Re: [-empyre-] Re: Critical Spatial Practice

Enjoying the generous responses here so far -

First, I'm a little uncomfortable with how my questions and concerns might be pushing discussion back to matters of reception. The emphasis so far here on perception, language and sensory experience says more about my position as an art educator, and perhaps even as a trained painter, than about the central concerns of some of the good work pointed to by Ryan, Brett and others in their cited examples.

That said, conversations about how the senses are organized to promote certain modes of experience and exchange are of interest to me, and relevant to the topic and context here. I just wouldn't call them central to a discussion of "CSP". I'm looking forward to hearing from some of this month's other discussants whose work is more directly engaged with the practice, examination and construction of spaces outside the academy.

On the instrumentality discussion -

Sally Jane asks some very good questions that are prodding me onward to better clarity here. I concur with Saul's distinction between an instrument and instrumental use. To borrow from Theater and performance, I wonder if my worries about instrumentalized approaches to perception aren't analogous to Brecht's critique of Epic theater. I understand Brecht's concerns to be about Epic theater's engagement of senses and bodies toward the end of eliciting very specific programmed emotional responses. His response through the Theater of Alienation was to try to shock the senses into action through arrest or thwarting of expectations. Might his Alienated Theater be equally as instrumentalizing ? Sure - such reflexive modernist strategies have been employed with even less freedom for sensory discovery, if for different ideological ends. (ie, the construction of class through difficulty and prestige).

Such examples make me think about how and when sensory experience allows for, and is even dependent upon, more discovery and contingency. Any produced event worth an audience's trouble carries a honed and framed experience that contains a finite number of sensory possibilities. I wouldn't consider such intentionality in framing to be always instrumentalizing perception, because many of these events allow for a variety of simultaneous experiences, and even seek a productive unexpected response or challenge from the recipient.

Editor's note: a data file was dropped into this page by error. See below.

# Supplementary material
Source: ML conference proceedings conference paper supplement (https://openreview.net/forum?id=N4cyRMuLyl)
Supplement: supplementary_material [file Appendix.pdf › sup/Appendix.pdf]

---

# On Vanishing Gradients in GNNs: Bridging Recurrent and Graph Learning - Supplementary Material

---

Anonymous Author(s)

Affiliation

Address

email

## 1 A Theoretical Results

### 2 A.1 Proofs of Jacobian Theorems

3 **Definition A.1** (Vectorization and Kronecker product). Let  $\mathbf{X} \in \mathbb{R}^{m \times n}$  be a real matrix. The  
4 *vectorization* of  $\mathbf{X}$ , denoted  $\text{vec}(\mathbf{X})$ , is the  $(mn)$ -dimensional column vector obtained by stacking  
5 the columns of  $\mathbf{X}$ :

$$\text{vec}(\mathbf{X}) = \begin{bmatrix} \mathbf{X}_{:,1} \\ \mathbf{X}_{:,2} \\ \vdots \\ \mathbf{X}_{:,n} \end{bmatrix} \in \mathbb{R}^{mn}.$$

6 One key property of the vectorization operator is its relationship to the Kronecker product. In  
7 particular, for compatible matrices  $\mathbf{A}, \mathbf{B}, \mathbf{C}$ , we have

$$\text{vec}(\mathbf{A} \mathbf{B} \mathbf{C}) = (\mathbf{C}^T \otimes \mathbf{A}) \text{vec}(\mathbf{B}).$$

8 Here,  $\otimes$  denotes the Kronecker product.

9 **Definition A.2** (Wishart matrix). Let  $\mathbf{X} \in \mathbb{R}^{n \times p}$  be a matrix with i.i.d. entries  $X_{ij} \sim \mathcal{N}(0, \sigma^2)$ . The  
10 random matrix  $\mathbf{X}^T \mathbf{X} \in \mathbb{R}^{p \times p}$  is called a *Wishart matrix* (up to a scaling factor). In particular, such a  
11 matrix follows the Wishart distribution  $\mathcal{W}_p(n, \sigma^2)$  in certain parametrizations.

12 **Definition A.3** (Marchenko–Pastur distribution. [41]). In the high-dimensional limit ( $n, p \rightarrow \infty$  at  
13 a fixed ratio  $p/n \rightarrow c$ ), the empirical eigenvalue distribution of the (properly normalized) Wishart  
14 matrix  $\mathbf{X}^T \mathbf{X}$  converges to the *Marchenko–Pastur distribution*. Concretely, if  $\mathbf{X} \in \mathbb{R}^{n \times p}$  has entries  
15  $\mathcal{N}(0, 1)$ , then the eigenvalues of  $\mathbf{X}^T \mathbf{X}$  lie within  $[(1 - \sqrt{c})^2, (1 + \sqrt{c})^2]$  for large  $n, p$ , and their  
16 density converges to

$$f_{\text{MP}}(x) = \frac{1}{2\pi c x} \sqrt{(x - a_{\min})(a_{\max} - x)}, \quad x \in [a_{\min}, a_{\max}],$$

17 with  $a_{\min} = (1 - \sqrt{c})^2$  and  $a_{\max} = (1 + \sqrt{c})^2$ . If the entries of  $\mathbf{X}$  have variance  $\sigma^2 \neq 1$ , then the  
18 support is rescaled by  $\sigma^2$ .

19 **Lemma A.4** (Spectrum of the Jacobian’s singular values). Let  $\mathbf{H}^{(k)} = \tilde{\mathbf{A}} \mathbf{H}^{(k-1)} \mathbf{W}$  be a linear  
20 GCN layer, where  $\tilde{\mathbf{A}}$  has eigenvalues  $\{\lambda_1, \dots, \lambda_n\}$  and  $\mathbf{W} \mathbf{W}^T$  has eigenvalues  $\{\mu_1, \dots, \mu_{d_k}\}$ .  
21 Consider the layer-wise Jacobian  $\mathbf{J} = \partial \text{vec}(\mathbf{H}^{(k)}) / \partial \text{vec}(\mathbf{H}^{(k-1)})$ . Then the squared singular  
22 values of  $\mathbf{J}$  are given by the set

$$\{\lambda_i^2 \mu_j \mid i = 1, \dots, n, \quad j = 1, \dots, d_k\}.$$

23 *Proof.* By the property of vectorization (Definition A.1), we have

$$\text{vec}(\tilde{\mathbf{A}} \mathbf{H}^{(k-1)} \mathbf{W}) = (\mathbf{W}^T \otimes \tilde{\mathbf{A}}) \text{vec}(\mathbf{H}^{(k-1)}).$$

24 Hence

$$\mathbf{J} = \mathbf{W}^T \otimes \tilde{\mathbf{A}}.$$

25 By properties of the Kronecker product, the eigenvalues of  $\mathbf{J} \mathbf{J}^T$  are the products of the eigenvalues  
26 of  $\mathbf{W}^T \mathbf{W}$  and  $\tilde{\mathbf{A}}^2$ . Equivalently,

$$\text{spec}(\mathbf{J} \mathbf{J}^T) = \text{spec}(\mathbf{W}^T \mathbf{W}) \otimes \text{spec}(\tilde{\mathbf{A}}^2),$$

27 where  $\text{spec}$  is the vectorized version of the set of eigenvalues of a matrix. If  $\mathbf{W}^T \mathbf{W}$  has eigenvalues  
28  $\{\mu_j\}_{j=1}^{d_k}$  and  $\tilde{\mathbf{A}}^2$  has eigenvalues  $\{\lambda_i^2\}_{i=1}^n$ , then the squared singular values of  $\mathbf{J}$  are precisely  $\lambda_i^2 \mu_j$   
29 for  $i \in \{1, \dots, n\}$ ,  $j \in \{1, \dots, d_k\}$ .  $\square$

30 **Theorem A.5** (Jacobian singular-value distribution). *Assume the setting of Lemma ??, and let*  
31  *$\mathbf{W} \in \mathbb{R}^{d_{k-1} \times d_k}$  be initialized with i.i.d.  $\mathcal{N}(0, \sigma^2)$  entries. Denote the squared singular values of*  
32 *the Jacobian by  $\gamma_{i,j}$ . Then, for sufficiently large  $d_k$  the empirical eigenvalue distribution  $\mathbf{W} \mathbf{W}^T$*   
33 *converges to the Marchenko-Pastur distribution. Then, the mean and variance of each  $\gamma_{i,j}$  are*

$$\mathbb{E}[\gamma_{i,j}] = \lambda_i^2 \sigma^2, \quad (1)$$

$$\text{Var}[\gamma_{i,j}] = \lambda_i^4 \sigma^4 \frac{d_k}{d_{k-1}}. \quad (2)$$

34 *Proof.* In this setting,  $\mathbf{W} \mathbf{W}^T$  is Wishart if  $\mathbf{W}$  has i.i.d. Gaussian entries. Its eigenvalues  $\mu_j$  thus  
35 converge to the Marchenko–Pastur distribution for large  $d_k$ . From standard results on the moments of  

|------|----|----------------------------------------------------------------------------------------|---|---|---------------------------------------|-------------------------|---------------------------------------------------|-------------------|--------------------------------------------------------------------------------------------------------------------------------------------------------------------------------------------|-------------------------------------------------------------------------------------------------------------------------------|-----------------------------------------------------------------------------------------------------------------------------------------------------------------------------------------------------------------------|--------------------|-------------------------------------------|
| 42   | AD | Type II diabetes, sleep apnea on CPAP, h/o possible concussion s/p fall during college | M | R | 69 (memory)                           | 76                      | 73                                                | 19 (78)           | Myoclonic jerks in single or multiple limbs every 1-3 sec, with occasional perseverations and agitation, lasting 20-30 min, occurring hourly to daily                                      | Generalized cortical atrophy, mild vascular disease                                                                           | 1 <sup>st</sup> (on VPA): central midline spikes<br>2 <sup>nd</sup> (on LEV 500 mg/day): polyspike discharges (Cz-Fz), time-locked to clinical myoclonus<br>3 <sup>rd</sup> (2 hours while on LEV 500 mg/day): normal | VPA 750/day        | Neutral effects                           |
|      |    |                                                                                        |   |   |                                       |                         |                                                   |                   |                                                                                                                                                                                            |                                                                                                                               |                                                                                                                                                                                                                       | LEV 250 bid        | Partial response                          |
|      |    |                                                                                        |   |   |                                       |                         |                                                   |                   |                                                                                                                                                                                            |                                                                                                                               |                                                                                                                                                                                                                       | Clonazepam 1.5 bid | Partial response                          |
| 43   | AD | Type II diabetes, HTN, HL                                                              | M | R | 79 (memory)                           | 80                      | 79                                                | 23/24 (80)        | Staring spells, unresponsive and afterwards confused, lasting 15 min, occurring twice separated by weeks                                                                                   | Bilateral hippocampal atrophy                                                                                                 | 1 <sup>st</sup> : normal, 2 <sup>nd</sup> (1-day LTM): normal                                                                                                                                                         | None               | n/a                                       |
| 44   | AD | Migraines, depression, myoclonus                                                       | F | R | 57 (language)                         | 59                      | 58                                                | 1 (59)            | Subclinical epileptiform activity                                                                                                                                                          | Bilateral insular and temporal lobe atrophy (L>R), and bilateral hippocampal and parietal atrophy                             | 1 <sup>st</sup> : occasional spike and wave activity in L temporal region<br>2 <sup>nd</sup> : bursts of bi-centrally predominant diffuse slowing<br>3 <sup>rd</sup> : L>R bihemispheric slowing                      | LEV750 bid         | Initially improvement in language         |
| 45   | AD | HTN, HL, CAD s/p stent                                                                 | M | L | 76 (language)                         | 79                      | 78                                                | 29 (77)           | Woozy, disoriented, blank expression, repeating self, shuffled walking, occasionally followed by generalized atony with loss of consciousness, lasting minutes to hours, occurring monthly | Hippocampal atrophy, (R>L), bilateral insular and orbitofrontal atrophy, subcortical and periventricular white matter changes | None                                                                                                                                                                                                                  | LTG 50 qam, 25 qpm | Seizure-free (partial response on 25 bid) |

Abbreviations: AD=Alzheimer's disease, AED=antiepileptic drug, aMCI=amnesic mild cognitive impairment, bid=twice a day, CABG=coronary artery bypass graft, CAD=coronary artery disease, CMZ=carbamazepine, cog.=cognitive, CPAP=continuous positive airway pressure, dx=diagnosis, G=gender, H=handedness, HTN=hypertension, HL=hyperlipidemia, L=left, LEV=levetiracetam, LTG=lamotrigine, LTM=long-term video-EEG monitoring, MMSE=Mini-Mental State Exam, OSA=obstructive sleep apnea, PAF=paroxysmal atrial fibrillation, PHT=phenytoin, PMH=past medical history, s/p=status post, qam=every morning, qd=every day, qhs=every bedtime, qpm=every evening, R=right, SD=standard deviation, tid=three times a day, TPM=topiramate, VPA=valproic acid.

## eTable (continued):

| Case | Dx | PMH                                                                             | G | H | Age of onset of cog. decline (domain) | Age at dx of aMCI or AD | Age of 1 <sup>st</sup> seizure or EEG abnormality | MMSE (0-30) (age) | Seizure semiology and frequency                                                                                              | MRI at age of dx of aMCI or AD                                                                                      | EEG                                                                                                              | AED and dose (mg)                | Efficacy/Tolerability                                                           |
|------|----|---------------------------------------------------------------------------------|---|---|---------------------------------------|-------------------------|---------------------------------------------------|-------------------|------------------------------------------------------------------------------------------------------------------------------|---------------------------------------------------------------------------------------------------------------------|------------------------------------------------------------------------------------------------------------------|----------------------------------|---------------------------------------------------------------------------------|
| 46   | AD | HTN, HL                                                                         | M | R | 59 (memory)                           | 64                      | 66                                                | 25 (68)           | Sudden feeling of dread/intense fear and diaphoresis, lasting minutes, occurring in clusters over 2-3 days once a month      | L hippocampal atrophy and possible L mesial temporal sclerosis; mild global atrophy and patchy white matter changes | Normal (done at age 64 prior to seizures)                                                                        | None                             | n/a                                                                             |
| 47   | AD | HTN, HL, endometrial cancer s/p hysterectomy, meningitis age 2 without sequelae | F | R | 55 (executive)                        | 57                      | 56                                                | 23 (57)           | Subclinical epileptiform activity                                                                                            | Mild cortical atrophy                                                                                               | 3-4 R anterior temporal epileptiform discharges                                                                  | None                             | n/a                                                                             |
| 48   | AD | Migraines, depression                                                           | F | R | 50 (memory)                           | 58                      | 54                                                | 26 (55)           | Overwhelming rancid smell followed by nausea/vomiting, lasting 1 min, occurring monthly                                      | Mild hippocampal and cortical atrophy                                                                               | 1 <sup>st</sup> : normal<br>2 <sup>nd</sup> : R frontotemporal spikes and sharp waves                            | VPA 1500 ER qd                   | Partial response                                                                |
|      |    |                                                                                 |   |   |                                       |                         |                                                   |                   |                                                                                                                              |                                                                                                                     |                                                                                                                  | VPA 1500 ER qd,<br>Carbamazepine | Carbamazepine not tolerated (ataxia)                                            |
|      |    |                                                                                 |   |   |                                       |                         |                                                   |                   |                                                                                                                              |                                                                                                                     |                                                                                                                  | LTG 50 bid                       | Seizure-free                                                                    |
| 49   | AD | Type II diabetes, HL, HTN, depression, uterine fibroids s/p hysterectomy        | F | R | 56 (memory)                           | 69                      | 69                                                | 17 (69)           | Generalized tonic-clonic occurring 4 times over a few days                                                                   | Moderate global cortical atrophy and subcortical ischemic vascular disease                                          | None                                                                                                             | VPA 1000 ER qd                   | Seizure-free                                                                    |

Maybe I'm still evading Sally Jane's questions, but I want to maintain that actions seeking exchange, or even offering a gift, are more generous and humane than actions intended to provoke specific responses. I remember here too some discussions with anthropologists in which the social functions of material objects grow narrower and more routinized as ties between group members grow weak. Autonomy, safety, and therefore power stability, seem to rely on smoothly functioning symbol systems. Do the emergency exit lights in my building need to function as routinized, instrumentally perceived codes of red letter forms? Sure, but such visual regimes are part of the construction of specific social spaces, relations to one another and to authority. There's an interrelationship of certain perceptual regimes or sensoria and consequent spatialized socialities.

What I miss most in a world where economies mobilize every bodily capacity towards smooth reception and production are (1) the experience of simultaneous, and competing sensory inputs (the auditory suffers greatly here, thinking of Catherine's post); and (2) encounters that privilege dissonance and difference among participants via confrontation with differing perceptual subjectivities.